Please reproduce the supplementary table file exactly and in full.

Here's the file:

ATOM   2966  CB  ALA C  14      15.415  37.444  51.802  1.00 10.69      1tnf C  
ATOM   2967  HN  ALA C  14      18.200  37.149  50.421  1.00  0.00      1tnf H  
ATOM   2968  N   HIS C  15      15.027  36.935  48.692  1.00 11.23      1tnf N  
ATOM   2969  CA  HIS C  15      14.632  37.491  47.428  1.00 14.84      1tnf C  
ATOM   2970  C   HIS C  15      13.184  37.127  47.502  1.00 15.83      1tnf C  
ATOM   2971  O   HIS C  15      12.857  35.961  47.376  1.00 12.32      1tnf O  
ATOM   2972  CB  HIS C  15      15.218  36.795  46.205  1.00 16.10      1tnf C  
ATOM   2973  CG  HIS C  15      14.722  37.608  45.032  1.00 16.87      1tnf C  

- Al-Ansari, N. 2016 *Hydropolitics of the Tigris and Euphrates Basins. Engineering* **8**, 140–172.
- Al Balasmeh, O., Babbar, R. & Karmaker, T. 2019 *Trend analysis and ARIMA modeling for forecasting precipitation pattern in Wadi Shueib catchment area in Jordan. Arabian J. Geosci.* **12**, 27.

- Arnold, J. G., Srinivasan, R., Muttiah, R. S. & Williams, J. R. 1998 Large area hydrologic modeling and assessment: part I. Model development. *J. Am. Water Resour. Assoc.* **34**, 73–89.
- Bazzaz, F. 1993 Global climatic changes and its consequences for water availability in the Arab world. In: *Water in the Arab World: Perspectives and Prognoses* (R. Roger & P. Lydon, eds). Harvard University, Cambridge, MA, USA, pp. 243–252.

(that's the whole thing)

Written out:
ATOM   2966  CB  ALA C  14      15.415  37.444  51.802  1.00 10.69      1tnf C  
ATOM   2967  HN  ALA C  14      18.200  37.149  50.421  1.00  0.00      1tnf H  
ATOM   2968  N   HIS C  15      15.027  36.935  48.692  1.00 11.23      1tnf N  
ATOM   2969  CA  HIS C  15      14.632  37.491  47.428  1.00 14.84      1tnf C  
ATOM   2970  C   HIS C  15      13.184  37.127  47.502  1.00 15.83      1tnf C  
ATOM   2971  O   HIS C  15      12.857  35.961  47.376  1.00 12.32      1tnf O  
ATOM   2972  CB  HIS C  15      15.218  36.795  46.205  1.00 16.10      1tnf C  
ATOM   2973  CG  HIS C  15      14.722  37.608  45.032  1.00 16.87      1tnf C  

- Al-Ansari, N. 2016 *Hydropolitics of the Tigris and Euphrates Basins. Engineering* **8**, 140–172.
- Al Balasmeh, O., Babbar, R. & Karmaker, T. 2019 *Trend analysis and ARIMA modeling for forecasting precipitation pattern in Wadi Shueib catchment area in Jordan. Arabian J. Geosci.* **12**, 27.

- Arnold, J. G., Srinivasan, R., Muttiah, R. S. & Williams, J. R. 1998 Large area hydrologic modeling and assessment: part I. Model development. *J. Am. Water Resour. Assoc.* **34**, 73–89.
- Bazzaz, F. 1993 Global climatic changes and its consequences for water availability in the Arab world. In: *Water in the Arab World: Perspectives and Prognoses* (R. Roger & P. Lydon, eds). Harvard University, Cambridge, MA, USA, pp. 243–252.